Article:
I grew up in a home where both mom and dad were active union members, and they gave me a clear message about working life: there is labor, and there is management. Labor’s job is to make stuff happen. Management’s job is to oppress labor.
I was fine with that worldview for a long time. But eventually, I grew up and, somewhere along the line, I became management. I even got to like being management, at least some of the time. The funny thing is that my parents, the union loyalists, are the ones I have to thank for that.
Here’s why: they didn’t just teach me that oppression was a bad thing. They also made me realize that it can be just as bad for the oppressor as it is for the oppressed.
Oppression is the hallmark of bad management. It’s the butt of jokes about pointy haired bosses and evil functionaries because it makes workers unproductive at all levels of organizations. Sins of commission by management are easy to find, assuming you tune in to at least one news source. Sins of omission are few, but they are every bit as demoralizing. Here are three that I will address ad seriatum. (That’s Latin for, ‘I’m going to do this one at a time, because hitting you with all three at the same time would be oppressive.’)
First, there is failure to observe. You might remember something like this happening early in your working life. It happened to Stacy on the very first job. The team had a serious problem. Stacy was new, and bright, and identified a solution. It was simple, and it would have worked, but the manager couldn’t see it. Boss only saw Stacy, barely 21 years old, too new to know the score, and without a resume to provide credibility. Being laughed at and chided for offering such a naïve opinion was deeply humiliating, and to this day Stacy is reluctant to make suggestions.
Second: failure to nurture. Ari works as an analyst in the innovation department of a huge maker of scientific products. Ari applied three times for the company’s ‘high potential’ program, but the manager never followed through, and Ari was passed over each time. Ari is creative, smart, and well liked. The manager is not. Did the manager feel threatened, or was it just laziness? No matter. Ari has given up.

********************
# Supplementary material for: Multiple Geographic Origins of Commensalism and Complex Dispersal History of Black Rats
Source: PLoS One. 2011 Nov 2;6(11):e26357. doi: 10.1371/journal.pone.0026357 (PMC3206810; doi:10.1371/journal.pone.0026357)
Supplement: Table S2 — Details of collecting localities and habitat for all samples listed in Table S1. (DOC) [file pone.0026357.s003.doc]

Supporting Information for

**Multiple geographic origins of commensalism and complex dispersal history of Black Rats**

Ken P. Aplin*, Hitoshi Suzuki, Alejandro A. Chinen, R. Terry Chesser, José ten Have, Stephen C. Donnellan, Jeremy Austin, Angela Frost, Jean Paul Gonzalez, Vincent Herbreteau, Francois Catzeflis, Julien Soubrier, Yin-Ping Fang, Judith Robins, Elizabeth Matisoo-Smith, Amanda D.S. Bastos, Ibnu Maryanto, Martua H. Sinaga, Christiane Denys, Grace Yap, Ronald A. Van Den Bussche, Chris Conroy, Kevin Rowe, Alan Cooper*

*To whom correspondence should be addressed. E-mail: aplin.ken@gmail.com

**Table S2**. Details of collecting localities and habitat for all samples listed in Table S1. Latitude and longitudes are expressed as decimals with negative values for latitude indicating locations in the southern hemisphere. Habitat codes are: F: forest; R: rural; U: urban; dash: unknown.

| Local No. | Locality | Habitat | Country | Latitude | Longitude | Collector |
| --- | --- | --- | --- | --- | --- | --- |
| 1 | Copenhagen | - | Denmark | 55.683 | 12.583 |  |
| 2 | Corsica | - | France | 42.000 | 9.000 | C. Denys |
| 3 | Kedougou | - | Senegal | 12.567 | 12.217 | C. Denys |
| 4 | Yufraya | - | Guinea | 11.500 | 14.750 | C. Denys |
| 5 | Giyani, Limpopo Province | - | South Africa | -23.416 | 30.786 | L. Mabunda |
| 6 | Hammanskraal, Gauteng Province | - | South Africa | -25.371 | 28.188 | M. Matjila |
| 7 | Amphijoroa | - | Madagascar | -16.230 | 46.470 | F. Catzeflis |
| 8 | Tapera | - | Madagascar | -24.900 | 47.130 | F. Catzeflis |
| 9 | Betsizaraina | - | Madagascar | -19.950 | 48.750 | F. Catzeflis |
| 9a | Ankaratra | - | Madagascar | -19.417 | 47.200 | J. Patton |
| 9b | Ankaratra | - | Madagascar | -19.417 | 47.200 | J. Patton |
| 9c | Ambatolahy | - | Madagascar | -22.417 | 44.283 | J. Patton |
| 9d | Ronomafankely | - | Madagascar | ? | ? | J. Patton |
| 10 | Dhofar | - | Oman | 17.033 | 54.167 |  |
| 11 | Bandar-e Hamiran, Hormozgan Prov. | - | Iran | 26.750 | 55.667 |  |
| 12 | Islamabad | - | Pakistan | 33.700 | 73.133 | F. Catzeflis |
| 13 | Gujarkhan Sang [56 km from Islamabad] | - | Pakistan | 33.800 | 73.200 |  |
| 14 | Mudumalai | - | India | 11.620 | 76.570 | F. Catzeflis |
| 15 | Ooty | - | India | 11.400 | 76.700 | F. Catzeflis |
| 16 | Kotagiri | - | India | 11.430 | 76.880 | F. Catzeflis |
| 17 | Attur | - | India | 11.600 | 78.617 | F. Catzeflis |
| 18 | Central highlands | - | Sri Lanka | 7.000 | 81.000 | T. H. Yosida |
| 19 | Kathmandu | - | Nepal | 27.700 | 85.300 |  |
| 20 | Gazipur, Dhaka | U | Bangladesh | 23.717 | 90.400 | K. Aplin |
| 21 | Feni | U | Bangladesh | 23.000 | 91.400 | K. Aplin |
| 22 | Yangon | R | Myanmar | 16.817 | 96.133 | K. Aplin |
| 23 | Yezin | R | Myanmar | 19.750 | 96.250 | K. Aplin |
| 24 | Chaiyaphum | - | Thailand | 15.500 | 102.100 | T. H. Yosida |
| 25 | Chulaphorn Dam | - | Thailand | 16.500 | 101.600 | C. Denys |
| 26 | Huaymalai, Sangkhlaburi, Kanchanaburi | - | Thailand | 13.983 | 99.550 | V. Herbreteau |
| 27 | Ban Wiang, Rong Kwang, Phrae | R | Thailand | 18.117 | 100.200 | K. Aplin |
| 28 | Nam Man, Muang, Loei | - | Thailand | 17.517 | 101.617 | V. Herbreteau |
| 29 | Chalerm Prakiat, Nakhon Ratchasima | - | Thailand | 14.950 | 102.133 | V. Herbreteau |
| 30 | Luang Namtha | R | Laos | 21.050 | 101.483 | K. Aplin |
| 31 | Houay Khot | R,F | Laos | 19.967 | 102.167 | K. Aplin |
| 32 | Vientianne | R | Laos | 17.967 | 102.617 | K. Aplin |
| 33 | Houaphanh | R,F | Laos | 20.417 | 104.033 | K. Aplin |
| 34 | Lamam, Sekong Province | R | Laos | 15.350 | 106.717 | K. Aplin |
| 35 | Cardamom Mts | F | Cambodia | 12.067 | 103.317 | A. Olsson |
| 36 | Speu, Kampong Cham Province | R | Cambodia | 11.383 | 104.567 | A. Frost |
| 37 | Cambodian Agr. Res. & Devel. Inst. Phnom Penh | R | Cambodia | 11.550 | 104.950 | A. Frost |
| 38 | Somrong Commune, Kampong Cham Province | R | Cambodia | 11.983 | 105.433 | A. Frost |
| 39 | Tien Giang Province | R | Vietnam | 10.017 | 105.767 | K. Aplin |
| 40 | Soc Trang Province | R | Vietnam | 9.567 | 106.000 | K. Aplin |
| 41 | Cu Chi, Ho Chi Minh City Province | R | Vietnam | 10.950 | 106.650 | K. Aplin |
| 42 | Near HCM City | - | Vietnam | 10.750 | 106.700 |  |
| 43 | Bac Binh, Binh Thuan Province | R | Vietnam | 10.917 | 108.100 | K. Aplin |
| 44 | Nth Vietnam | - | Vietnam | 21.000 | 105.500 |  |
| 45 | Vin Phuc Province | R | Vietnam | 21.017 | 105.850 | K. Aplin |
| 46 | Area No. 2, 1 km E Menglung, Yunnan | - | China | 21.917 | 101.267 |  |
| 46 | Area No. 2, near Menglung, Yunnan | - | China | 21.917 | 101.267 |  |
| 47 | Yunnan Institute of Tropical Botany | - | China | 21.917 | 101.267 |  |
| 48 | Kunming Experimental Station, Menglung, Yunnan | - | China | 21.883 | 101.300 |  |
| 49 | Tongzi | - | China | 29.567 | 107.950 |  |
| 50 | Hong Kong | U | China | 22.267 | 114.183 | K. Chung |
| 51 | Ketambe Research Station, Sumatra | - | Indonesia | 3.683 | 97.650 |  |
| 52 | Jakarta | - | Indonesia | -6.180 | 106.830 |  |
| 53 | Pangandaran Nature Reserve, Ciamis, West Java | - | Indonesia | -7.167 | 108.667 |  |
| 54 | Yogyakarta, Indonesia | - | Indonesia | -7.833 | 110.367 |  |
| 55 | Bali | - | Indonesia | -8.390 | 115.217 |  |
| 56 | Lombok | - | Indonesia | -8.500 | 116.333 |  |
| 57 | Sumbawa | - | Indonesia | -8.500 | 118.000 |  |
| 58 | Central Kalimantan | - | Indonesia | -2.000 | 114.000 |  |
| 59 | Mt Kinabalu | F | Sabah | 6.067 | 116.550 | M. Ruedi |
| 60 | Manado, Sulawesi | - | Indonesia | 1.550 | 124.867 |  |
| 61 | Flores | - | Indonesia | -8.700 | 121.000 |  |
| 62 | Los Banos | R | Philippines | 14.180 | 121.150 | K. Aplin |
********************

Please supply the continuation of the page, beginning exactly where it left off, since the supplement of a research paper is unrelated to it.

And third: failure to acknowledge. And herein lies a particularly sad story. Morgan has been in a supervisory position in a critical function of an organization for over two years. If you ask the team members, you’ll get nothing but glowing reports. But the manager gives no recognition, or support, or praise of any kind. Morgan feels unliked, weak, and fearful of job loss. Despite having opportunities to leave, and to move up, Morgan stays. Why? Because Morgan is there to serve the team and does not give up easily. And also because, in leaving, the team would no longer have a shield from the icy chill of the boss’ indifference.
Many failures are just learning experiences, but the failure of management to team well causes real damage. So, if your work experience resonates strongly with that of Stacy, or Ari, or Morgan, beware. When leaders fail to team, they eventually lead a business to fail.
On the other hand, if you recognize yourself in any of their managers’ actions, and you’ve just vowed to change, congratulations. You’re on your way to failing at management failure.